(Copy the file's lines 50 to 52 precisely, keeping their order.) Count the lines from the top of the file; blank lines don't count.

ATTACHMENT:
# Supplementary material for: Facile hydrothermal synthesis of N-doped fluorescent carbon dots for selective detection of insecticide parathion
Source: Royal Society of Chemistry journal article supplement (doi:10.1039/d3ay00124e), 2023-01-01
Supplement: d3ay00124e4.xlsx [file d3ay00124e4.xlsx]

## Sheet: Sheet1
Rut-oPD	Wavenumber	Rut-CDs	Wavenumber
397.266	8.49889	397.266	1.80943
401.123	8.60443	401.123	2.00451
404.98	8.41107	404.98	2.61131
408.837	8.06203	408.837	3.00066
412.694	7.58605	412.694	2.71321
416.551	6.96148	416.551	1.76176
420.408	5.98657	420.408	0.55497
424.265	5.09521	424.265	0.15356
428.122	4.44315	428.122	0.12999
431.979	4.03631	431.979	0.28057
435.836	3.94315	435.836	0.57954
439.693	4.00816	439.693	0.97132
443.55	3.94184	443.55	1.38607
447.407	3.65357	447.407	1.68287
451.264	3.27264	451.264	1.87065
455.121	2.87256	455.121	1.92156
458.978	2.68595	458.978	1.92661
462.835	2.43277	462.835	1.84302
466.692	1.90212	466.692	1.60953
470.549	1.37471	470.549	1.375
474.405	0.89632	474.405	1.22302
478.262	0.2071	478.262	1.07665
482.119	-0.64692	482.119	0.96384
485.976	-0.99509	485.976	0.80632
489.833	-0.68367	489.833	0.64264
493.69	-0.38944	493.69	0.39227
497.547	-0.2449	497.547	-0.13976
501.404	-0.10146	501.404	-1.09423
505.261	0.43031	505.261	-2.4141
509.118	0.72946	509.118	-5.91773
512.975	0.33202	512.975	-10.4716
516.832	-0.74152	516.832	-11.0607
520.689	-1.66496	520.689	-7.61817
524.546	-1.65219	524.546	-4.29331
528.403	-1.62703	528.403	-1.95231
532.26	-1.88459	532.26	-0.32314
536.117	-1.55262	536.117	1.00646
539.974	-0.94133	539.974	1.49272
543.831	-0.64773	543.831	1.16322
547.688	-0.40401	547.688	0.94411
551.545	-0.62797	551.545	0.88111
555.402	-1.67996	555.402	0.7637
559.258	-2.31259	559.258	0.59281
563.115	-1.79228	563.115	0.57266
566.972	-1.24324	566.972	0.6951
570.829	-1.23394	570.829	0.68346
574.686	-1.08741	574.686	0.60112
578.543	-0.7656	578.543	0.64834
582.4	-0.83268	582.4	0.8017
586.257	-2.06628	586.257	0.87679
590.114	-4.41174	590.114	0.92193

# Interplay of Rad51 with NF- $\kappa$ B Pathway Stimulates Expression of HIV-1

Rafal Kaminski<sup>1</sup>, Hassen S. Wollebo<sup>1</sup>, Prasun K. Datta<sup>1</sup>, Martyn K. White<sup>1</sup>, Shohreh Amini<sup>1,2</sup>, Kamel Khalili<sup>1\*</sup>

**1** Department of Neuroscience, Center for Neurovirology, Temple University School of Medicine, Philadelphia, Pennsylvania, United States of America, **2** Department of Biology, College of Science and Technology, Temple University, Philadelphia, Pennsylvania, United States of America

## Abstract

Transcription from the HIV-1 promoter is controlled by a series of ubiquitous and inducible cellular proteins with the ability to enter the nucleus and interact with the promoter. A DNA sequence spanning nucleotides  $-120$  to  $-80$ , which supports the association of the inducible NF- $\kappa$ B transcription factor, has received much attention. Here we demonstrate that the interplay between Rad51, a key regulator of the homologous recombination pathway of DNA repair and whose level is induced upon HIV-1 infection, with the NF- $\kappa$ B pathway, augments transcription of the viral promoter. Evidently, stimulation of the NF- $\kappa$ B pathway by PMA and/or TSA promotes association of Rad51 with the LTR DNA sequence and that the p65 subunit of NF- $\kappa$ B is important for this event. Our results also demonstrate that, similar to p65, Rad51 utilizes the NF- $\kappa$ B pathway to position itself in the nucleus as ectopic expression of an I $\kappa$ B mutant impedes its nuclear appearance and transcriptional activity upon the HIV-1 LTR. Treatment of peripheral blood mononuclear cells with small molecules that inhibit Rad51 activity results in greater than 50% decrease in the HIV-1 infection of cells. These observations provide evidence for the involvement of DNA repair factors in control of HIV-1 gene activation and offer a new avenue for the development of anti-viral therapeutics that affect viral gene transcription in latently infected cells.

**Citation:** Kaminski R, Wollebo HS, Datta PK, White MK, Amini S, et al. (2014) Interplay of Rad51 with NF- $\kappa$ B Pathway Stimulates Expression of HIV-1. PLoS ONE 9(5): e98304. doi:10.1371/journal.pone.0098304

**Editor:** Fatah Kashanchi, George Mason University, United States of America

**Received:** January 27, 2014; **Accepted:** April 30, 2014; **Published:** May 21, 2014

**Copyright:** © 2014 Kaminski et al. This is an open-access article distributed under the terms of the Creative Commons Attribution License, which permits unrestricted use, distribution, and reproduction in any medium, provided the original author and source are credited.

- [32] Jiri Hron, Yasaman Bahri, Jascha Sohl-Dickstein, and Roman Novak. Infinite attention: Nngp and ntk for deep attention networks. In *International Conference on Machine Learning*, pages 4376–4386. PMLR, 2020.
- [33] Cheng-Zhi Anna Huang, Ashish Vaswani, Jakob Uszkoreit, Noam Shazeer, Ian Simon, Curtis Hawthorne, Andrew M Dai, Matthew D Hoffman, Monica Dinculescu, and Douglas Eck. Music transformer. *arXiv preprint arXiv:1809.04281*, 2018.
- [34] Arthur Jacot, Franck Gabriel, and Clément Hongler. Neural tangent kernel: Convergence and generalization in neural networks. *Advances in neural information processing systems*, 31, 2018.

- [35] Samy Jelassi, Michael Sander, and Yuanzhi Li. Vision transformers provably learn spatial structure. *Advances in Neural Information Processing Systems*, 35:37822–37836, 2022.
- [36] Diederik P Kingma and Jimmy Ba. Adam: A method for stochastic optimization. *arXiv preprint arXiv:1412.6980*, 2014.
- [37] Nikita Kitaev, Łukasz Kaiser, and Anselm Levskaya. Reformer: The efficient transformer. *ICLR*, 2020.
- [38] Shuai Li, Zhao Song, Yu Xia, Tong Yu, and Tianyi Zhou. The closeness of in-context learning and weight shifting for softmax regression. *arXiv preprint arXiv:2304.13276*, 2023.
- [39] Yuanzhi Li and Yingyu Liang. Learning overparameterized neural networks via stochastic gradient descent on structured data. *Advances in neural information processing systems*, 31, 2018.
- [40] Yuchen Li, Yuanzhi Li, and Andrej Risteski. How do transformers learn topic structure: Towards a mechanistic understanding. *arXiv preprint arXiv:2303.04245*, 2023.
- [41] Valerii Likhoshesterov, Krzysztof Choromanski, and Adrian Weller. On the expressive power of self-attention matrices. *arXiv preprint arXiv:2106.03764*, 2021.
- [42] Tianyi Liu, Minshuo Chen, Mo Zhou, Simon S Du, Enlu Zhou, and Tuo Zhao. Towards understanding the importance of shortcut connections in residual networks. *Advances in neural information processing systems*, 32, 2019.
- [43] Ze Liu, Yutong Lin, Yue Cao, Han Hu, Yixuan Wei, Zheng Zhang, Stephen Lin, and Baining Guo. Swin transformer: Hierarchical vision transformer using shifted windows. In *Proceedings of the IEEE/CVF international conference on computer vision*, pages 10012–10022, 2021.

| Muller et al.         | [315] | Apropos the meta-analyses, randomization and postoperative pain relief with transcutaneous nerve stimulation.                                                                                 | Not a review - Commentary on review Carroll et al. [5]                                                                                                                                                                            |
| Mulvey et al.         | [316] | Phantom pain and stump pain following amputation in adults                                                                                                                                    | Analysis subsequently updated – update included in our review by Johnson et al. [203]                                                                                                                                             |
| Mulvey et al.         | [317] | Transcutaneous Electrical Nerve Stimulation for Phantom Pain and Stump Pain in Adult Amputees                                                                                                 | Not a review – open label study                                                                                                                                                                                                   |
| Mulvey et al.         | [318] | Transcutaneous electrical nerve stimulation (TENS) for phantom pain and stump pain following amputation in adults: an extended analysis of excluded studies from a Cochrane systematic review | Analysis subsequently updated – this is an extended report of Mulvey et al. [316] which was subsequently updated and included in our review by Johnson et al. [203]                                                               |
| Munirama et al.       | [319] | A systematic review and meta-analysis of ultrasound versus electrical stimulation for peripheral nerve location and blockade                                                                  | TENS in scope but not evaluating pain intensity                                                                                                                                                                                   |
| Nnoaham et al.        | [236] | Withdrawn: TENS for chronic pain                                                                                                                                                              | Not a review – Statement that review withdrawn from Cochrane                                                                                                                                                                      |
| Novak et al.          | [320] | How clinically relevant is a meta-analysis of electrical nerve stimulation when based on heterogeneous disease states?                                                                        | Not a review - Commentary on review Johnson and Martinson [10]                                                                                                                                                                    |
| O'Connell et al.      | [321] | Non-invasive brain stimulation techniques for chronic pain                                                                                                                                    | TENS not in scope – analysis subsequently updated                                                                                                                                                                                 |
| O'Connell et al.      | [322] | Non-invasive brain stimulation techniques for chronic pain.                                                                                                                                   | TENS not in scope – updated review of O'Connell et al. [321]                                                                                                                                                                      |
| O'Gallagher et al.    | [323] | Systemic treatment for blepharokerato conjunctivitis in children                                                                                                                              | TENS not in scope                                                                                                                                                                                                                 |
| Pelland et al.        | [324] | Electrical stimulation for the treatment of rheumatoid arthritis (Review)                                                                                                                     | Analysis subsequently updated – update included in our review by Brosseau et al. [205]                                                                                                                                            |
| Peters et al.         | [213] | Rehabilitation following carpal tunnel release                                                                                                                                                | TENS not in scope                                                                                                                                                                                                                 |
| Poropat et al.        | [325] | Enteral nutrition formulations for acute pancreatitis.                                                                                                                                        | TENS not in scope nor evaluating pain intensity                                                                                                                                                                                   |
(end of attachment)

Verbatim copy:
566.972	-1.24324	566.972	0.6951
570.829	-1.23394	570.829	0.68346
574.686	-1.08741	574.686	0.60112